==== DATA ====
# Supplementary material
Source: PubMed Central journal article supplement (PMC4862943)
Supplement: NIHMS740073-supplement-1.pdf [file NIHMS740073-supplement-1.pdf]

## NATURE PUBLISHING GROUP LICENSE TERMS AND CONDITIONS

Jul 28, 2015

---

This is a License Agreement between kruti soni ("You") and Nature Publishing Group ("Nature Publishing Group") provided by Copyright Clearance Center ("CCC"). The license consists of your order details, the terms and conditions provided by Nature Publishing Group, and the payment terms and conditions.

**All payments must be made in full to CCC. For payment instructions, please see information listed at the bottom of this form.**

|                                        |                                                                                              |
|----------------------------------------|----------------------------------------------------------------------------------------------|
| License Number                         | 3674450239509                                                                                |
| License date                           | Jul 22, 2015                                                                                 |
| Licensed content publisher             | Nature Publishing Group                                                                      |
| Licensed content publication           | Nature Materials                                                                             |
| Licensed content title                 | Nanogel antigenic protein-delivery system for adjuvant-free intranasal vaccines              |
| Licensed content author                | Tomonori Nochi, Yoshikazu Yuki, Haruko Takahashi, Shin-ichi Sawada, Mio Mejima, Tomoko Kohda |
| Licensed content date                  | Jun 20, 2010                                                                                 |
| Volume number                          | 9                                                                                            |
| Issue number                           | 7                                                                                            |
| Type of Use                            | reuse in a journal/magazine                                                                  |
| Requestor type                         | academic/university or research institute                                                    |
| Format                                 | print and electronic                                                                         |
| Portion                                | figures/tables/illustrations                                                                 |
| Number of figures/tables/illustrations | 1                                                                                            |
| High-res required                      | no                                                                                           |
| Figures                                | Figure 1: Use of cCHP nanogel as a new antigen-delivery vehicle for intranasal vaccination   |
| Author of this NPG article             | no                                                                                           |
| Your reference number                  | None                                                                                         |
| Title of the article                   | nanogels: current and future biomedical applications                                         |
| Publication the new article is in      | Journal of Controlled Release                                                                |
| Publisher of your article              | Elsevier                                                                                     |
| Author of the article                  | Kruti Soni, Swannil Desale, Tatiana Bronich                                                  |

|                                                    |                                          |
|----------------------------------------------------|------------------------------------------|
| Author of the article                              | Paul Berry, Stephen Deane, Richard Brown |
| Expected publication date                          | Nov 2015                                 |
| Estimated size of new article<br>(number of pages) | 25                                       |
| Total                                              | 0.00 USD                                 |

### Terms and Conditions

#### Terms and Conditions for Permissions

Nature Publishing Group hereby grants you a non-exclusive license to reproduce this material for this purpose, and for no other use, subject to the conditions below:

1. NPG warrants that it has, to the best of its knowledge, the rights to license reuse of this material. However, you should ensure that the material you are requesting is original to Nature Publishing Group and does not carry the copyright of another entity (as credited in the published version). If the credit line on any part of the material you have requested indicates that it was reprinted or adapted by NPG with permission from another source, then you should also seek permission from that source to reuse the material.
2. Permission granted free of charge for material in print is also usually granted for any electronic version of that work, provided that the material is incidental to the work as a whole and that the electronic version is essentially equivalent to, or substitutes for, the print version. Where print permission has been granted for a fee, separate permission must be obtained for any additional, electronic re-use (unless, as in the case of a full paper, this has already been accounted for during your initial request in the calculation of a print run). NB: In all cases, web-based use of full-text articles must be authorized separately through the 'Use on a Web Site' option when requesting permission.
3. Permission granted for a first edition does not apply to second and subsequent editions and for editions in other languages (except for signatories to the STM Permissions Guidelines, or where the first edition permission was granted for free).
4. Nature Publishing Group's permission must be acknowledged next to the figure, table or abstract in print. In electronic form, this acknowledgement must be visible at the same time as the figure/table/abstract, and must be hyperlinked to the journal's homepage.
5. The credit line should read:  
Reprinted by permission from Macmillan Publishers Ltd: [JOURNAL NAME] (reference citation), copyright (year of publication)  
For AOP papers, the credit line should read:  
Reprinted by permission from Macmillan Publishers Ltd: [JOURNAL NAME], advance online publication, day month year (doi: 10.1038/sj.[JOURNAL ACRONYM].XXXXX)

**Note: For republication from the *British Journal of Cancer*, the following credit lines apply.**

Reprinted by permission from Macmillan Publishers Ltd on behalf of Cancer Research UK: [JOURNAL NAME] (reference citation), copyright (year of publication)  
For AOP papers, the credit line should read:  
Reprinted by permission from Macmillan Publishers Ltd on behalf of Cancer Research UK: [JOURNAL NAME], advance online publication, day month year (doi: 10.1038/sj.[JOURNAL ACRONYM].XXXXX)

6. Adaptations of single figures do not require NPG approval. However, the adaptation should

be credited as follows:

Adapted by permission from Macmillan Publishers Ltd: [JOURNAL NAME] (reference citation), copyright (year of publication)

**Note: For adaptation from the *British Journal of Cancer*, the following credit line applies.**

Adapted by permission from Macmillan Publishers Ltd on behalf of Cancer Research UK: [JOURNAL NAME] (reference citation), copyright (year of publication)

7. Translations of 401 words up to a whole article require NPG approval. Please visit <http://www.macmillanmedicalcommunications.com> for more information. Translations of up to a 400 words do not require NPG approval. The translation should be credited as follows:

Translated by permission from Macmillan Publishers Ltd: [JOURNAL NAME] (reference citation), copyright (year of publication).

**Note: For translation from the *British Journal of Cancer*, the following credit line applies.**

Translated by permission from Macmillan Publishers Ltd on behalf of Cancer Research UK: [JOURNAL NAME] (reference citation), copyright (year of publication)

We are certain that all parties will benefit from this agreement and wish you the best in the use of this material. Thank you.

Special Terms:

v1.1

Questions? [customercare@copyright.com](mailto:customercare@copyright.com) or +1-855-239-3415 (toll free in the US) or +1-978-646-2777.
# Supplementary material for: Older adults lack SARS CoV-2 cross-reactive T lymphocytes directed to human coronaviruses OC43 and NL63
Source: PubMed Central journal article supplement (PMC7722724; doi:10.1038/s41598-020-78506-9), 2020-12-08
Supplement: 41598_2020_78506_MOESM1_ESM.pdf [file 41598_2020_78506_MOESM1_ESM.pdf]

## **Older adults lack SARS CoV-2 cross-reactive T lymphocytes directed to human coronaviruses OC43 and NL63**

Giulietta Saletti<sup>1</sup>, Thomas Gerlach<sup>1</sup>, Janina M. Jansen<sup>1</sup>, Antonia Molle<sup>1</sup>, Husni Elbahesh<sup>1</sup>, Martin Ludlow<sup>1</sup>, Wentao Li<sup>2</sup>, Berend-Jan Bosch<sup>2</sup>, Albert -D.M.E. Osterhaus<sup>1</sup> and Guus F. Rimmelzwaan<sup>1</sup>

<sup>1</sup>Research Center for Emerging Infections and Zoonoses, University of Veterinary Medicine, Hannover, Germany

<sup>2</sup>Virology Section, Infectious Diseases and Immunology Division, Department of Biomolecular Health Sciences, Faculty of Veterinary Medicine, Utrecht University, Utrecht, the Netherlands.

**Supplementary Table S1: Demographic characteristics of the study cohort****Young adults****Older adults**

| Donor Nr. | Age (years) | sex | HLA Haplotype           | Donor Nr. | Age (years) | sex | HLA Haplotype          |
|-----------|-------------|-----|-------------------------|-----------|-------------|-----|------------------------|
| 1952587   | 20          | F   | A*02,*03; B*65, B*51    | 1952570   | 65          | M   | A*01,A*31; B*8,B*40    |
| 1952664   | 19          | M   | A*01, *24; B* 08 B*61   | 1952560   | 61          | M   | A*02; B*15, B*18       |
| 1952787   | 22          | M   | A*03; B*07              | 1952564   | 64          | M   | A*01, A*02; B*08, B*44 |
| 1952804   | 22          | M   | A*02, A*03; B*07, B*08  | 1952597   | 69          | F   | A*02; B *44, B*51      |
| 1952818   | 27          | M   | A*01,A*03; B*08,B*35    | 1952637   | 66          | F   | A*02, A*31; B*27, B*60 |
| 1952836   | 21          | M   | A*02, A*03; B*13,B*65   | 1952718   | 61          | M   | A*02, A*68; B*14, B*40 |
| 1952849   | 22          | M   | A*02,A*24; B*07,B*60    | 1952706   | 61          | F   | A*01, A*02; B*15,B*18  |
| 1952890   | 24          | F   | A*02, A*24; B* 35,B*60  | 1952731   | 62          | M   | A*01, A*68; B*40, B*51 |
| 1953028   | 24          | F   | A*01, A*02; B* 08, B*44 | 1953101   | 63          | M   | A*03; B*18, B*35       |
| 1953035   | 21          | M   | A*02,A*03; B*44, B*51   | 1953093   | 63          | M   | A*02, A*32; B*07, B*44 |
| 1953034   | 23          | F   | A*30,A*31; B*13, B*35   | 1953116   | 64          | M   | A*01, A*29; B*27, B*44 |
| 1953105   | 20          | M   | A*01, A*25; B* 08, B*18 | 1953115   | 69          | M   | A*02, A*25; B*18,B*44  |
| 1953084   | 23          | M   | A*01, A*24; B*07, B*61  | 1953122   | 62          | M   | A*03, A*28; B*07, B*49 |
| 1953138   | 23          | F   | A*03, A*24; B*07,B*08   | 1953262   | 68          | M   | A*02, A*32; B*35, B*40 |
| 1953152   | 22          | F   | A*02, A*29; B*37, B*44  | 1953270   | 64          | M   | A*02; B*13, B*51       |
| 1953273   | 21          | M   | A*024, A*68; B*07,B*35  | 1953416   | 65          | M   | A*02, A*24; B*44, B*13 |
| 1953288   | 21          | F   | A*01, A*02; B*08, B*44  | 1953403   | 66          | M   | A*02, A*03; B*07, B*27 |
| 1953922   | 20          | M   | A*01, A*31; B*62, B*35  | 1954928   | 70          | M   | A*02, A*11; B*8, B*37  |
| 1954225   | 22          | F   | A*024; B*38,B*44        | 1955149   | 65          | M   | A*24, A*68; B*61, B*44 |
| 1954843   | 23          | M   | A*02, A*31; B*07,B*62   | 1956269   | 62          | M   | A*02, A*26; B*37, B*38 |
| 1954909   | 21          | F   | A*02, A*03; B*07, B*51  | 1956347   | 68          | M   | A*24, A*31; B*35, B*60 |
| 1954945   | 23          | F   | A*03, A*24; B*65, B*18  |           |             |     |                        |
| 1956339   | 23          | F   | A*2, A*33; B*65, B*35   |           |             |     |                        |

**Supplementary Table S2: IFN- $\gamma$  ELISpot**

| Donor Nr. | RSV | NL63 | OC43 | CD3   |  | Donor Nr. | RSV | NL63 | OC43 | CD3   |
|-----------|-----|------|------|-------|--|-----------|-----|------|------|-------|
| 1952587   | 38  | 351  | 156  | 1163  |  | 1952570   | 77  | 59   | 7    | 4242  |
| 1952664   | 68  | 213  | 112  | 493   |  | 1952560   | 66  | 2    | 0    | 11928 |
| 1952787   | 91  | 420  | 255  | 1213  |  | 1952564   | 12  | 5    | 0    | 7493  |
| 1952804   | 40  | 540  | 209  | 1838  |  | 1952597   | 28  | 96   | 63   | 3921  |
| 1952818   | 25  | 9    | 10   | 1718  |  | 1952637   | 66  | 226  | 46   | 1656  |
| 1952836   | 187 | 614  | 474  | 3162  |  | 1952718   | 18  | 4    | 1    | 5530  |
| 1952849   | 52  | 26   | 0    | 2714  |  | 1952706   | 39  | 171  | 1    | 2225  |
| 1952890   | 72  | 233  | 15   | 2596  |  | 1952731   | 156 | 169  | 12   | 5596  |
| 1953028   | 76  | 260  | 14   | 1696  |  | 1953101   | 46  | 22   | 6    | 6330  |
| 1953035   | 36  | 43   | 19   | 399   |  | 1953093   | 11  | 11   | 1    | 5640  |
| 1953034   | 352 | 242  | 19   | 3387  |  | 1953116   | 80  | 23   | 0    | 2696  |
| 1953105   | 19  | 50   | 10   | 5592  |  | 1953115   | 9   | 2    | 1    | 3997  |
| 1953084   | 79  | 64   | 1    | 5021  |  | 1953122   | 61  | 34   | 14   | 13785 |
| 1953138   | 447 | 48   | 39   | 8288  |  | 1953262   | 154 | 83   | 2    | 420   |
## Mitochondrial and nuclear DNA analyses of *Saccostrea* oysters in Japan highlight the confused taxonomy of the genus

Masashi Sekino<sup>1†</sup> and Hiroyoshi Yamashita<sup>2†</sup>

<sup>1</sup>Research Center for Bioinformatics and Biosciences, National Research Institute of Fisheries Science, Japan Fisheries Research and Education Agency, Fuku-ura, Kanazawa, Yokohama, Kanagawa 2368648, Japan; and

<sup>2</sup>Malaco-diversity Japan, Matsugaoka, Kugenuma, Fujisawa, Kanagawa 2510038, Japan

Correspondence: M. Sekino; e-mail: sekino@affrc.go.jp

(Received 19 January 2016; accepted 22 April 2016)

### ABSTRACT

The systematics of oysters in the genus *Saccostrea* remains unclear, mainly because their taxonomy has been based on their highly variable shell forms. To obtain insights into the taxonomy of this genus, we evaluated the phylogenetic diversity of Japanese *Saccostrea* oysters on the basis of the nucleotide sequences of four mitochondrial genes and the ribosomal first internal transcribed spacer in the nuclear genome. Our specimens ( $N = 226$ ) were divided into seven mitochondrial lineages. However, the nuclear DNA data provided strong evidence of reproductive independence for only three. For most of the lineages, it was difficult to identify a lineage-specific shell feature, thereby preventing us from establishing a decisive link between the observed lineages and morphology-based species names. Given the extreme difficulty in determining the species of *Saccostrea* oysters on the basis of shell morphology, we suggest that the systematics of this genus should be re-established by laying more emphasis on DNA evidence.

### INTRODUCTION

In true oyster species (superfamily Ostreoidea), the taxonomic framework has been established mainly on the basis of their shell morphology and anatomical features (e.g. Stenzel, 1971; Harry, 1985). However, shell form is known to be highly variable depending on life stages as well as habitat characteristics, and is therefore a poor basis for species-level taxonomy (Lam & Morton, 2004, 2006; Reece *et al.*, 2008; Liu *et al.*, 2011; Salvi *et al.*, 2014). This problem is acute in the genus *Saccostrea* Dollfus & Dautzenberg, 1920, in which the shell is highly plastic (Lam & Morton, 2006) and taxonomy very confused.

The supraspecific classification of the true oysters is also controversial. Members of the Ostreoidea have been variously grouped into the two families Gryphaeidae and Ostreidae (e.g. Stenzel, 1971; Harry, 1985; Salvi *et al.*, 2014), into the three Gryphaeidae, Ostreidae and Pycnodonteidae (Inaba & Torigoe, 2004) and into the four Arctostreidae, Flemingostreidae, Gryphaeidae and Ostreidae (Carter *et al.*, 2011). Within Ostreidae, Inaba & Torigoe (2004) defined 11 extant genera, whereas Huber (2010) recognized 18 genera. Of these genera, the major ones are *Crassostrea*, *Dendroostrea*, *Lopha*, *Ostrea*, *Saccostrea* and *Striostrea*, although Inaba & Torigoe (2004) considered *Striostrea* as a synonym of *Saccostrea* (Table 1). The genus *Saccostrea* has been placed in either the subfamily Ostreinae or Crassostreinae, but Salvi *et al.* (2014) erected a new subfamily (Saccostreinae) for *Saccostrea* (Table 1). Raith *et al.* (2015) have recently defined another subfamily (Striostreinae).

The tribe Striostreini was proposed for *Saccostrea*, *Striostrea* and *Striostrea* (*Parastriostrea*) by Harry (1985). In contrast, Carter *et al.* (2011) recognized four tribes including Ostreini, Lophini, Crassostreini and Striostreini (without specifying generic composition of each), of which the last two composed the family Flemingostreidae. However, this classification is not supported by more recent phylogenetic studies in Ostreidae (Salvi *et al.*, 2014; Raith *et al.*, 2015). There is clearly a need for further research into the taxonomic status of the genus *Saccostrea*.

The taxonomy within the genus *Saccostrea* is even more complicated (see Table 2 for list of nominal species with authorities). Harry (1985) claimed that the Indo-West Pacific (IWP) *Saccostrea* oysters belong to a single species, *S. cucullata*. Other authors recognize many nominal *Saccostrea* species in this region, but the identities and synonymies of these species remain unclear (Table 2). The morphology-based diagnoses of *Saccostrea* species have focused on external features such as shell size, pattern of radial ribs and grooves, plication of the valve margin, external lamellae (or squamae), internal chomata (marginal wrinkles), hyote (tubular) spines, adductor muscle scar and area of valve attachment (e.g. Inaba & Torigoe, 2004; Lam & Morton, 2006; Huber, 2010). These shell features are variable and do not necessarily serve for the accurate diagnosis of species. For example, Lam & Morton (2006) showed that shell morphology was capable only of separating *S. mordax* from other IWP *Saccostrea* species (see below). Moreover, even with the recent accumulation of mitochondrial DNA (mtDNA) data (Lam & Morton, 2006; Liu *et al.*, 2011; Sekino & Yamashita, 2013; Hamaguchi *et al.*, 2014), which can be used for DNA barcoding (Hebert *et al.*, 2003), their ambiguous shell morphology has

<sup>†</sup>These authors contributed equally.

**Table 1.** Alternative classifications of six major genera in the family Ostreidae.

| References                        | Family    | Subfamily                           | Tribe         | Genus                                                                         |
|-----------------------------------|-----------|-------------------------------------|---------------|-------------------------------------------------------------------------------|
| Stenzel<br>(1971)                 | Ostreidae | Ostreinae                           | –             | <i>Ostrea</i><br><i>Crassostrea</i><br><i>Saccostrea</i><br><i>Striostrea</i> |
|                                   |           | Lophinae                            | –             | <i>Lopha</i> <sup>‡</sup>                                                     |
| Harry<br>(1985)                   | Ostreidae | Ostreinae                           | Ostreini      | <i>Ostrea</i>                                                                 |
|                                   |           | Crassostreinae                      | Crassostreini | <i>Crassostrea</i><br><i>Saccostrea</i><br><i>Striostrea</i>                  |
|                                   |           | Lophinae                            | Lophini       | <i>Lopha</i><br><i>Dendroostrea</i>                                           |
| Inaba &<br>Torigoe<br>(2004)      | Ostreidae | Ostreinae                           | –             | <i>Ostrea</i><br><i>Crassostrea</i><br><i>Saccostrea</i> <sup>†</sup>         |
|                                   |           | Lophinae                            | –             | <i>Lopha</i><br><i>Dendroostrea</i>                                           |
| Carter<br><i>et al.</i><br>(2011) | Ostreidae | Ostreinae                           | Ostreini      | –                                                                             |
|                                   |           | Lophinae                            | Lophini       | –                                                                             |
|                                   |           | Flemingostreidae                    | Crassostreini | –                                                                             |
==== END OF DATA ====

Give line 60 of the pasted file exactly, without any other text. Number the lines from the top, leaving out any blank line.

Translated by permission from Macmillan Publishers Ltd: [JOURNAL NAME] (reference citation), copyright (year of publication).